On Quinn's first 13 sacks of this season, he didn't beat a double-team once. He has been chipped by a tight end or running back before two sacks and three of his sacks came when he didn't beat an offensive lineman. If you assign a primary reason for each sack, Quinn was the primary reason for nine of his 13 sacks. The others came on a well-defended screen play, a blown assignment and two extended plays. Seven of Quinn's sacks have come on third down, with six coming in the first quarter.
Quinn has lined up as a right defensive end for each of his sacks and he used his speed to beat an offensive lineman nine times. Of the eight times he penetrated the pocket by getting past the outside shoulder of the left tackle. twice he faked an inside rush before exploding outside, and six times he simply exploded off the line to get an advantageous position against the offensive tackle before dragging him to the quarterback. Once Quinn gets that advantageous position to begin the play, there is no redirecting him as a testament to his improved strength.
Twice Quinn ran a designed stunt with a teammate for a sack. One of those plays in particular showed off his outstanding acceleration and speed. Against the Seahawks he stunted behind two defenders and went from the outside shoulder of the left tackle to right shoulder of talented center Max Unger who couldn't react quickly enough to Quinn coming from a blind-spot.
The first round of the 2011 NFL draft may be remembered as one of the greatest ever. Along with Cam Newton, Miller, A.J. Green, Julio Jones, Patrick Peterson, Smith, Watt, Muhammad Wilkerson, Nick Fairley, Mike Pouncey and Cameron Jordan, Robert Quinn has a chance to be one of the most notable members of that class. Quinn's physical talents and relentless high-motor ensures that he won't be going away in the near future.
When the Tennessee Titans selected Justin Hunter in the second round of the 2013 draft, it was unclear what their thought-process was. At the time, the Titans had Nate Washington, Kenny Britt, Kendall Wright and Damian Williams on their roster so wide receiver was definitely not a need. The Titans seemingly were fascinated by Hunter's physical talent and felt that they couldn't pass up on him regardless of other options who appeared to be better fits.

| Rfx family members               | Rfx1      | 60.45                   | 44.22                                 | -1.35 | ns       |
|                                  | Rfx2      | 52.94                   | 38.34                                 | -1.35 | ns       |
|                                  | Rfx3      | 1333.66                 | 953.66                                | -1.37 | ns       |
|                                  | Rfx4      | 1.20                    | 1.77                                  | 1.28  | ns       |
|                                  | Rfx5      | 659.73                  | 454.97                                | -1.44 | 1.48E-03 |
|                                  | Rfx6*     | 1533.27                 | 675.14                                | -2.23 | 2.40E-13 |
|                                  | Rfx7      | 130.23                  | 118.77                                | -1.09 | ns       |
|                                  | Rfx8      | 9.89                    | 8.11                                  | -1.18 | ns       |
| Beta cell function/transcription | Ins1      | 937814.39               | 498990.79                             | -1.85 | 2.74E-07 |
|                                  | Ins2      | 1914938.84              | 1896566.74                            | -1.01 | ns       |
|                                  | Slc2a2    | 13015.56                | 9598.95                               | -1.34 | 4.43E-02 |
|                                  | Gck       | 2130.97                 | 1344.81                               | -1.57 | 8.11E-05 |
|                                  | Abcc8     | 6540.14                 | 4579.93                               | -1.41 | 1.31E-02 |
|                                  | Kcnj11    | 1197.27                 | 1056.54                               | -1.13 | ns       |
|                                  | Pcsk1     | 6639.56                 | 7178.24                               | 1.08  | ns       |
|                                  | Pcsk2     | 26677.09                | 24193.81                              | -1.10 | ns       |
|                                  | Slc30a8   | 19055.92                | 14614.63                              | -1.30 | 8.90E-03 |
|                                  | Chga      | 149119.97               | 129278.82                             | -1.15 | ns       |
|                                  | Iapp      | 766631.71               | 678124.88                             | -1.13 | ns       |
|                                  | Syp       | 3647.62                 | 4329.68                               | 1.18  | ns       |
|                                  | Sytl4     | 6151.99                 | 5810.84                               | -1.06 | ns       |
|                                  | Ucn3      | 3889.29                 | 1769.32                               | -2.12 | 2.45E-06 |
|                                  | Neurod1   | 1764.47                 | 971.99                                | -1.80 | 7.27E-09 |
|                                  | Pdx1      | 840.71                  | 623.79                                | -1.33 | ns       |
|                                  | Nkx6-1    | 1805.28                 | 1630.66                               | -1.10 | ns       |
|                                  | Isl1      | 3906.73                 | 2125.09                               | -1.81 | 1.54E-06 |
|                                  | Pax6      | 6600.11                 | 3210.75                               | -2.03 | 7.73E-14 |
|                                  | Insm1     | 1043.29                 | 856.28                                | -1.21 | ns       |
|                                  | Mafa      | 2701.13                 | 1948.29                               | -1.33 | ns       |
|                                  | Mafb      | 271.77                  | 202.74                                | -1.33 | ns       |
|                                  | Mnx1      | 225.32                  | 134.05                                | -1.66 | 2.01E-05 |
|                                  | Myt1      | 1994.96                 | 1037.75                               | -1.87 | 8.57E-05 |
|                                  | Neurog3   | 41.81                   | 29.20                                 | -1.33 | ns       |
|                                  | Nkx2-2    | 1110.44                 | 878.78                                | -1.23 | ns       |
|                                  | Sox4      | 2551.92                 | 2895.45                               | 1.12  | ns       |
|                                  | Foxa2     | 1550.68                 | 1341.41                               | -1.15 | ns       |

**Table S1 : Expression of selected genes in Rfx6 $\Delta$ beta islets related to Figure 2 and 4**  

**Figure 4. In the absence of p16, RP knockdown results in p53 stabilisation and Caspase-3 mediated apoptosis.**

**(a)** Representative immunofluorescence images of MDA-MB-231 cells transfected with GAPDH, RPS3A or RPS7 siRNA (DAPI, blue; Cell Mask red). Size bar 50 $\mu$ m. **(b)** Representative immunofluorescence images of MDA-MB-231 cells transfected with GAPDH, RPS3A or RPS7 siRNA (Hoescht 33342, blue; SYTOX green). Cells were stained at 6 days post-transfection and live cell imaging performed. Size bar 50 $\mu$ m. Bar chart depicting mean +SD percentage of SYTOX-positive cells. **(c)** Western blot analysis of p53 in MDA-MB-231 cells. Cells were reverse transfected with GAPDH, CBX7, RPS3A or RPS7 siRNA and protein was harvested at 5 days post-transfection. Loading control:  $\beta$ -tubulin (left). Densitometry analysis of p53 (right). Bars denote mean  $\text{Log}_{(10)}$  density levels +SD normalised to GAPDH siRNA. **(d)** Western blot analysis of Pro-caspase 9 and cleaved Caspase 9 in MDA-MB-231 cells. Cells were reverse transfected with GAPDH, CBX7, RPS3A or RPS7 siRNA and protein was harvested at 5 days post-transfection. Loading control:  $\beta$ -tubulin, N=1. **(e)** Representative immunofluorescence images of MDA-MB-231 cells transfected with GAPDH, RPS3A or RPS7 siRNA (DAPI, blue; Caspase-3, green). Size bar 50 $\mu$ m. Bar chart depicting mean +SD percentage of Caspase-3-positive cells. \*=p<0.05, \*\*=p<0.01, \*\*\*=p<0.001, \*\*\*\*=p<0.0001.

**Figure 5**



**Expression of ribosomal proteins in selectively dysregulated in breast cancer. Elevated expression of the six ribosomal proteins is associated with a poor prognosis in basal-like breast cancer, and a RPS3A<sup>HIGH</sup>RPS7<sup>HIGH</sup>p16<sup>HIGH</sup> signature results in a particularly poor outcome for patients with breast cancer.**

Hunter is 22 years old and he is officially listed at 6-foot-4, 205-pounds. He played three seasons in college, but sat out the majority of two of those seasons. He was a backup freshman in 2010 and he tore his ACL early in 2011. Hunter had big numbers in 2012 and played every game, but he didn't look completely comfortable on the field and struggled with his focus at times, and consequently his draft stock suffered.
Those focus issues may have been a result of his extended recovery from injury, because they haven't shown up during his rookie season. As expected, Hunter hasn't played a huge amount, but what he has done has been exceptionally impressive. Not only is Hunter not dropping passes, but he's consistently made phenomenal big plays down the field despite only being a role player.
Hunter's first two receptions of his career went for touchdowns. While one came on a questionable non-call of offensive pass-interference, both were outstanding receptions over tight coverage in the end zone. Of Hunter's seven receptions that came before Week 12, three went for at least 16 yards and each was an incredibly difficult reception. It is no surprise that Hunter put up big numbers when he finally became a focal point of the offense in Week 12.
Against the Oakland Raiders, Hunter was targeted six times and he had six receptions. He had another huge reception for a touchdown, but this time he caught the ball 20 yards down the field before shaking two defenders and sprinting down the sideline to the end zone. What stood out against the Raiders wasn't that play, but rather his other five receptions. Four of those receptions came on third and long and were converted into first downs. Two of those third down conversions came over the middle in traffic, one saw him adjust to a bad throw and three of the four came late in the fourth quarter on the final drive of the game. Hunter showed crisp route running, situational awareness, bravery against potential big hits and soft hands.